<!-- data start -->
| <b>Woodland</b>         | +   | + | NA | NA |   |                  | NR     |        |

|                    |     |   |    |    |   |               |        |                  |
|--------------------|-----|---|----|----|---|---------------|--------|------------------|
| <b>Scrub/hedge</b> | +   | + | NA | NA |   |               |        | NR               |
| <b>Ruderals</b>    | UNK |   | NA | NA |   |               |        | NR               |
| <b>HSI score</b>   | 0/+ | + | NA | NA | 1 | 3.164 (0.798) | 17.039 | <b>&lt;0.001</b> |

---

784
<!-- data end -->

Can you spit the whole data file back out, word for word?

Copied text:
| <b>Woodland</b>         | +   | + | NA | NA |   |                  | NR     |        |

|                    |     |   |    |    |   |               |        |                  |
|--------------------|-----|---|----|----|---|---------------|--------|------------------|
| <b>Scrub/hedge</b> | +   | + | NA | NA |   |               |        | NR               |
| <b>Ruderals</b>    | UNK |   | NA | NA |   |               |        | NR               |
| <b>HSI score</b>   | 0/+ | + | NA | NA | 1 | 3.164 (0.798) | 17.039 | <b>&lt;0.001</b> |

---

784